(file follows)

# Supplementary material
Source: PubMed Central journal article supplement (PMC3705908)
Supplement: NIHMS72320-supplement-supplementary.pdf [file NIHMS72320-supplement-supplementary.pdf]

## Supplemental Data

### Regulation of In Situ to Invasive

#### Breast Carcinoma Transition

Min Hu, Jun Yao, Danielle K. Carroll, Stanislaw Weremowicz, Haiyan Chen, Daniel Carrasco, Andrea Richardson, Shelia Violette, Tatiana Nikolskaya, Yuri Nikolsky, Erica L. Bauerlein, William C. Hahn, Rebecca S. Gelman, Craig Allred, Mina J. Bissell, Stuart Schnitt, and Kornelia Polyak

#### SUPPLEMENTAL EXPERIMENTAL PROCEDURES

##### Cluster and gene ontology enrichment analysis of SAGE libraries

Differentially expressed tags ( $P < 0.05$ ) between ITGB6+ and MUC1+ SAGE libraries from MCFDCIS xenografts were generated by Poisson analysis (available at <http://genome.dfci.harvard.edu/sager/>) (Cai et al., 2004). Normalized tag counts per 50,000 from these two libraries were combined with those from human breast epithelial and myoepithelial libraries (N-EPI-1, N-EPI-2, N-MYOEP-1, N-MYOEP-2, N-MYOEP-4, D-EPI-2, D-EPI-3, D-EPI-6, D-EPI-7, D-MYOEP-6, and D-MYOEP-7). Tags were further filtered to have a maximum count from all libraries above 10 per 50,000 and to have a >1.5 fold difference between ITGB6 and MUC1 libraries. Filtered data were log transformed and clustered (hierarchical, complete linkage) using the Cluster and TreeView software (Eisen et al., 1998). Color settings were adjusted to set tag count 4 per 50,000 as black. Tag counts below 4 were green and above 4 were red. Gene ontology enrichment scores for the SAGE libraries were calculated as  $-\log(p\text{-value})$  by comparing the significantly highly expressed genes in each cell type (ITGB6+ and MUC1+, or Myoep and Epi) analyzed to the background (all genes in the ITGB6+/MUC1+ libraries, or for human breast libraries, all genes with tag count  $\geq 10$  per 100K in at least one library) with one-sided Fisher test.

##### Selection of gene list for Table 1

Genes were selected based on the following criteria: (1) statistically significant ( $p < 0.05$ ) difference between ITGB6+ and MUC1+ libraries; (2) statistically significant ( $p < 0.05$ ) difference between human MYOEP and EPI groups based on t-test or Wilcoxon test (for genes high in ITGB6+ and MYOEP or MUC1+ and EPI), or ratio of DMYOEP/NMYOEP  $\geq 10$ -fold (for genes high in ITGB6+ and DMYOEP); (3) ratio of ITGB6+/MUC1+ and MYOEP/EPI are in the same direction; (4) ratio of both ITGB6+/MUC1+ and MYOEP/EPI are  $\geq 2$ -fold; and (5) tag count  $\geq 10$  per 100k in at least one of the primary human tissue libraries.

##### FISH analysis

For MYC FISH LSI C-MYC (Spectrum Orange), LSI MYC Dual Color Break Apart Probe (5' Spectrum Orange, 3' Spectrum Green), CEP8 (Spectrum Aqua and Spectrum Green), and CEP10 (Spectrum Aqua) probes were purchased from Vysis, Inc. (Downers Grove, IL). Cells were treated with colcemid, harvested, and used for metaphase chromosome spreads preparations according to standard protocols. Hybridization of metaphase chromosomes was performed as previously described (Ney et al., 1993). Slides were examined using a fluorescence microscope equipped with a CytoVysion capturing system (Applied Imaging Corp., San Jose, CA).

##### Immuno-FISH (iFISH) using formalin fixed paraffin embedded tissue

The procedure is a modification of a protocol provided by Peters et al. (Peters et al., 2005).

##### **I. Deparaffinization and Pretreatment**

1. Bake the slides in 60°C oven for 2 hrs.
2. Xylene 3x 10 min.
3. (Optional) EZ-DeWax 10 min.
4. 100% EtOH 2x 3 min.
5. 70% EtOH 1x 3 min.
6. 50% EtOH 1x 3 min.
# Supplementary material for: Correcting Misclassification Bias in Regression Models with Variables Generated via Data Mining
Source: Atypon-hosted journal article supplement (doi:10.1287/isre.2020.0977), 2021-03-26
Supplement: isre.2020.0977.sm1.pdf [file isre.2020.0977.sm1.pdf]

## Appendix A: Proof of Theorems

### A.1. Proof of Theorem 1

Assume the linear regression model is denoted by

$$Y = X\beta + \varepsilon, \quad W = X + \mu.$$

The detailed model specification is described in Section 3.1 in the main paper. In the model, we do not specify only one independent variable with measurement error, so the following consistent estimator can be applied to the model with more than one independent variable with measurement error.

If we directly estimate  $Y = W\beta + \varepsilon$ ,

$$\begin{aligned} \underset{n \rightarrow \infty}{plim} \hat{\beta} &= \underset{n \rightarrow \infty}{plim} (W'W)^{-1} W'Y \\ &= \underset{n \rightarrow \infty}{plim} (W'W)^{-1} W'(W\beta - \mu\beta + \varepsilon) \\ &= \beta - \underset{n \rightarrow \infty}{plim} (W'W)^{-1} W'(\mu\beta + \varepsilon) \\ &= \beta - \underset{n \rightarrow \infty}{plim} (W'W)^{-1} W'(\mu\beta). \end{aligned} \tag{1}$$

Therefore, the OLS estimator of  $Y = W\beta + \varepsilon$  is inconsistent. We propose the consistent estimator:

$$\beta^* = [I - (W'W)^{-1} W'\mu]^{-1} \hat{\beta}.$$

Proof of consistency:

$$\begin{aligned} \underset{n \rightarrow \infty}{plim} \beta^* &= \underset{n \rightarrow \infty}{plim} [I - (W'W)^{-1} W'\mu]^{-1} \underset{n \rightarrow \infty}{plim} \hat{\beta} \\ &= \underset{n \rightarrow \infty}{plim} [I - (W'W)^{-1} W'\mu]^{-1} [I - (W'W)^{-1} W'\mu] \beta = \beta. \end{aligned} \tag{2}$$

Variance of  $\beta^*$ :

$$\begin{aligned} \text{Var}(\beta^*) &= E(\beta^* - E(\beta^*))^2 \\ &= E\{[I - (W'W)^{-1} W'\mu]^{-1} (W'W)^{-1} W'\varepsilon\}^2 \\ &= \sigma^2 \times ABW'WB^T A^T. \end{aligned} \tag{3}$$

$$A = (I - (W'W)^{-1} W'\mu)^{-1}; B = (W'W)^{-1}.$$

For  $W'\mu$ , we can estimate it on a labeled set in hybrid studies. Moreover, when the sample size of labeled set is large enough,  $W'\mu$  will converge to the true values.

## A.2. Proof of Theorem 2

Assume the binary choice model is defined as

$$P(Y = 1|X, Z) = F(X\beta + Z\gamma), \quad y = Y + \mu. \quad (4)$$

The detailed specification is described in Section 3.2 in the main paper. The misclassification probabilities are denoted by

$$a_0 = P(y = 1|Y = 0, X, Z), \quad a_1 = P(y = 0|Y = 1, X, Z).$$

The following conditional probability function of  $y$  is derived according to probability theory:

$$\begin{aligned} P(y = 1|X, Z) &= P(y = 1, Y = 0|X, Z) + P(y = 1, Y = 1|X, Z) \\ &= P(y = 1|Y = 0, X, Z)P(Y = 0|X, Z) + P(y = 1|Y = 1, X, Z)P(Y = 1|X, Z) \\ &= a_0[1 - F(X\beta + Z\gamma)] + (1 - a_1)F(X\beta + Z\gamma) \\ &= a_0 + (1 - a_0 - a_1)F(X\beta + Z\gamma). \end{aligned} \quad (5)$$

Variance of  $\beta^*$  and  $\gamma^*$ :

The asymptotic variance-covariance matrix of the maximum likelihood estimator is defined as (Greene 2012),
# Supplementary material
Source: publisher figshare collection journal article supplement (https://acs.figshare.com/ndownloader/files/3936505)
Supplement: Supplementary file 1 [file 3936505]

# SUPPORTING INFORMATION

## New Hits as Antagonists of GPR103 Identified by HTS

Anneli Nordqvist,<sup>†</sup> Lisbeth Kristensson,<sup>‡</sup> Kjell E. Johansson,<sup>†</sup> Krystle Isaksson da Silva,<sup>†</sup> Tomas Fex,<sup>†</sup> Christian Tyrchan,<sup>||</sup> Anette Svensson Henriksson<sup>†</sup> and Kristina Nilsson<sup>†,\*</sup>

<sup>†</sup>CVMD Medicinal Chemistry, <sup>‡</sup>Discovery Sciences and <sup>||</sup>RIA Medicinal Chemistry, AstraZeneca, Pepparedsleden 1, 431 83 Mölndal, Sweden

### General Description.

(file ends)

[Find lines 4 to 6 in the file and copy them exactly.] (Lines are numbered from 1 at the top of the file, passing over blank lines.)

## Supplemental Data

### Regulation of In Situ to Invasive

#### Breast Carcinoma Transition